“Healthful hydration is one important element to fighting the epidemic of obesity in children,” said Jean-Claude Coubard, Executive Director, ICCR. “The ICCR is excited to be bringing a human health-related component to the strong water education program for which Project WET’s Global Water Education Conference is known.”

In today’s session, Mr. Coubard will highlight ICCR’s commitment to enhancing awareness and knowledge of cardiometabolic risk factors in order to help the public understand the steps they can take to improve their health.

About the International Chair on Cardiometabolic Risk (ICCR)

The ICCR is an independent, academic, multidisciplinary organization affiliated with Universite Laval and located at the Centre de recherche de l’Institut universitaire de cardiologie et de pneumologie de Quebec in Quebec City. It is composed of two councils: an Executive Council and a Scientific Council. The members of both councils have been chosen based on their expertise, their remarkable scientific contributions, and their status as world leaders in their discipline.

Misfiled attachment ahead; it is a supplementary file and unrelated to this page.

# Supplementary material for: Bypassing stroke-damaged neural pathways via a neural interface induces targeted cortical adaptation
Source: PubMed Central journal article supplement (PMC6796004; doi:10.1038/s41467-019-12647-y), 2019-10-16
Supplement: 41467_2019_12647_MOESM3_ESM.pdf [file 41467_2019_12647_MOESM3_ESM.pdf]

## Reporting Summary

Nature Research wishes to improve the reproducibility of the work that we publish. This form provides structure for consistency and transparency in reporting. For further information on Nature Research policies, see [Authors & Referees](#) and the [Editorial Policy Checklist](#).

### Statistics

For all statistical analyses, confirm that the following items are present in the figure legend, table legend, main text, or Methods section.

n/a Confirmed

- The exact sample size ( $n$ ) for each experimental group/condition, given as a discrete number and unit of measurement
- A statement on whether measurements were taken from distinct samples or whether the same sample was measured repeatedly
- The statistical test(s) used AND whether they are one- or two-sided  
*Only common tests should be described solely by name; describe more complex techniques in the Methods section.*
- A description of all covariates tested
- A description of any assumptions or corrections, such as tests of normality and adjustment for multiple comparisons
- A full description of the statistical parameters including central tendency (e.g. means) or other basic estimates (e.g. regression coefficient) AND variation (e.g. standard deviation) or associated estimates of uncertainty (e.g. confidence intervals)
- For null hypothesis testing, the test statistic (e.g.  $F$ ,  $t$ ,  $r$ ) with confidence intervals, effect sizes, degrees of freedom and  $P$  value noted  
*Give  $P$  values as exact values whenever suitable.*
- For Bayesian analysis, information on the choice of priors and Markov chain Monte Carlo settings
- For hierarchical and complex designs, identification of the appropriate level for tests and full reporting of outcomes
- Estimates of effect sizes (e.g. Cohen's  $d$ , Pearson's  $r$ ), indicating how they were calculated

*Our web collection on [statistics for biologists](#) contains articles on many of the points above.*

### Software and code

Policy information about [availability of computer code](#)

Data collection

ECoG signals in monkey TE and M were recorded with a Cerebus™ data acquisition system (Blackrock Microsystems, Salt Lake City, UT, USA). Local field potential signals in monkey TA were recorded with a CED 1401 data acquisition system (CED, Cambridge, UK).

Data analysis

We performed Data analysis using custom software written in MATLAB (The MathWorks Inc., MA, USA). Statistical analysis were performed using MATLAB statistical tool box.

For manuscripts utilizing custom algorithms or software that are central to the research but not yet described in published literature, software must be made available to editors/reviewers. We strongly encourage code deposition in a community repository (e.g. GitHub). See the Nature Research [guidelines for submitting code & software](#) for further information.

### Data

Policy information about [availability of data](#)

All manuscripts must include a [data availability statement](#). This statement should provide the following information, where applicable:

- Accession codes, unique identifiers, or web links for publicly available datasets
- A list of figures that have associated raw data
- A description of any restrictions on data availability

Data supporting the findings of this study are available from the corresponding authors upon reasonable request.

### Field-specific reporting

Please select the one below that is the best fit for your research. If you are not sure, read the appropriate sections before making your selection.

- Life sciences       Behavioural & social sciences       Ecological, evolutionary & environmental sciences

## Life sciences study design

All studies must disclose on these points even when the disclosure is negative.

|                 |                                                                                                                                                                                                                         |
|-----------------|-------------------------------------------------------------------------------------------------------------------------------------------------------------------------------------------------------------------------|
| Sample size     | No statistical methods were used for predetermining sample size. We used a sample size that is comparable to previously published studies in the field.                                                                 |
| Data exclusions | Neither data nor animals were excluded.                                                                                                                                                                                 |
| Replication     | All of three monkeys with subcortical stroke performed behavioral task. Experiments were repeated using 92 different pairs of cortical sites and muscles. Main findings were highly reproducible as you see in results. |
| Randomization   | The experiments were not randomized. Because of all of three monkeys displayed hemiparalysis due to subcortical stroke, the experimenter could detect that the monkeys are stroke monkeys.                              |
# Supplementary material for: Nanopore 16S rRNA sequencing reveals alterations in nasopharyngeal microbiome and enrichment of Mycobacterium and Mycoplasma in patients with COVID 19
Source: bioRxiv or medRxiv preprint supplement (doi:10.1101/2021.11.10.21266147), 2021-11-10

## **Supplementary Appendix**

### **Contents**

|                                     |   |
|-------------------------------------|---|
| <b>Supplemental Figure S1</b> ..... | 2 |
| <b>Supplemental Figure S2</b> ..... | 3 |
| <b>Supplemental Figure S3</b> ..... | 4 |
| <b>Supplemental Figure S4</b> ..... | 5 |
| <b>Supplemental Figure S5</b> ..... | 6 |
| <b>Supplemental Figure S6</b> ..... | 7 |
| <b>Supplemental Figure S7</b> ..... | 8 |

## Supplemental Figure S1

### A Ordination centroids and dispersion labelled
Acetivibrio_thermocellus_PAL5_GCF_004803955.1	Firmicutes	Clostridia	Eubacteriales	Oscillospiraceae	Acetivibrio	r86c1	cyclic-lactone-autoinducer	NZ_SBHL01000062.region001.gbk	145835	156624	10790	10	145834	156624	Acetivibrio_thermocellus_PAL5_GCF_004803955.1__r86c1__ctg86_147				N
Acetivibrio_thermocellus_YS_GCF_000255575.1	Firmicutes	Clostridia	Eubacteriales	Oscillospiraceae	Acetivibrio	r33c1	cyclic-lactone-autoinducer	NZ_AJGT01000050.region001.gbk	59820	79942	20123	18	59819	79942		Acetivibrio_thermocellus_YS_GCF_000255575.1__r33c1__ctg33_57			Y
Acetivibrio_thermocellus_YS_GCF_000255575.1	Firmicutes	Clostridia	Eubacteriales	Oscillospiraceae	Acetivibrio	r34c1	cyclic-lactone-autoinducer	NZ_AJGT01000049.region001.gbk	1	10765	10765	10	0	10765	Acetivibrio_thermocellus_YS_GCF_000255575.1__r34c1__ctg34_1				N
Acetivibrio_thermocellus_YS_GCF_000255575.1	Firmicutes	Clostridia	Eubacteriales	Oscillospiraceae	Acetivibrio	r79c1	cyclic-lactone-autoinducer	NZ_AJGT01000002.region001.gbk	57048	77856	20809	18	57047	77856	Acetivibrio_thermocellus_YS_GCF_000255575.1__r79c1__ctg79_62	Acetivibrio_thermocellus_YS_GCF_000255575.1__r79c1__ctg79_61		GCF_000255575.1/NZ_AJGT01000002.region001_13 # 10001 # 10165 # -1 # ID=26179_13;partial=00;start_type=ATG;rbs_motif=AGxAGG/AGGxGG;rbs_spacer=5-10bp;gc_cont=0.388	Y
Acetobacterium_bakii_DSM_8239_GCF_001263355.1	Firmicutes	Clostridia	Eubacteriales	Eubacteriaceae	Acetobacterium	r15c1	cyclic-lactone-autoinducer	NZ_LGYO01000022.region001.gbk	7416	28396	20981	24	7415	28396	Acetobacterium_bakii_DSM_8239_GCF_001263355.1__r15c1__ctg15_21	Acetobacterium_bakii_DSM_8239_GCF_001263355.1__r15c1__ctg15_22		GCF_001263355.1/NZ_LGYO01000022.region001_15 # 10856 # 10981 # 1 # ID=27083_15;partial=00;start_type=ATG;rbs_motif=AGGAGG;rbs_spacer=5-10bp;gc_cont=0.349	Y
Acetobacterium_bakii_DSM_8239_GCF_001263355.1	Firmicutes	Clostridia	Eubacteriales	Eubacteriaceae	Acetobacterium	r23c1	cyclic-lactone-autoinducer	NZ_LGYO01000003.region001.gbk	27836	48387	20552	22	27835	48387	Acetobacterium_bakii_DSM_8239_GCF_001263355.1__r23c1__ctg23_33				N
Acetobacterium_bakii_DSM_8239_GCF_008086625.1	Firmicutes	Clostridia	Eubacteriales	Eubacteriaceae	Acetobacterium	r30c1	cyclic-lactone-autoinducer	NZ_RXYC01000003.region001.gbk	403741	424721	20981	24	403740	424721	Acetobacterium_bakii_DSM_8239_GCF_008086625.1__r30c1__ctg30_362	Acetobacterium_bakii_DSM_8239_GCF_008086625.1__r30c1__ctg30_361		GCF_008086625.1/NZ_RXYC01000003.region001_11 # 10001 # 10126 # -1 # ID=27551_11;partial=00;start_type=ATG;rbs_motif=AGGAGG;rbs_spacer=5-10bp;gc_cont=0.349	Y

A key aspect of the Chair is its international and multidisciplinary character, with the following disciplines represented: cardiology, diabetology, lipidology, endocrinology and metabolism, obesity, nutrition, physical activity, and basic research.

The Chair’s goal is to create a platform to examine new ideas, pool member experience and expertise, and share scientific and clinical data to benefit healthcare professionals around the world and the general public. The overarching purpose is to fight the abdominal obesity, diabetes, and cardiovascular disease epidemic sweeping the world and to educate about the importance of physically active lifestyle associated with healthy eating and drinking habits.

More information on the ICCR can be found here:

(1) U.S. Centers for Disease Control and Prevention (CDC). 2011 National Diabetes Fact Sheet. Jan. 26, 2011.

(2) ICCR, adapted from Hossain P. et al. New England Journal of Medicine. 2007; 356: 213-5.

(3) The Lancet, Volume 378, Issue 9793, Pages 815 – 825. “Health and economic burden of the projected obesity trends in the USA and the UK Summary.” 27 August 2011.

(4) WHO Collaborating Center for Obesity Prevention.

(5) Division of Health and Nutrition Examination Surveys. Prevalence of Obesity Among Children and Adolescents: United States, Trends 1963-1965 Through 2007-2008. June 2010.

SOURCE International Chair on Cardiometabolic Risk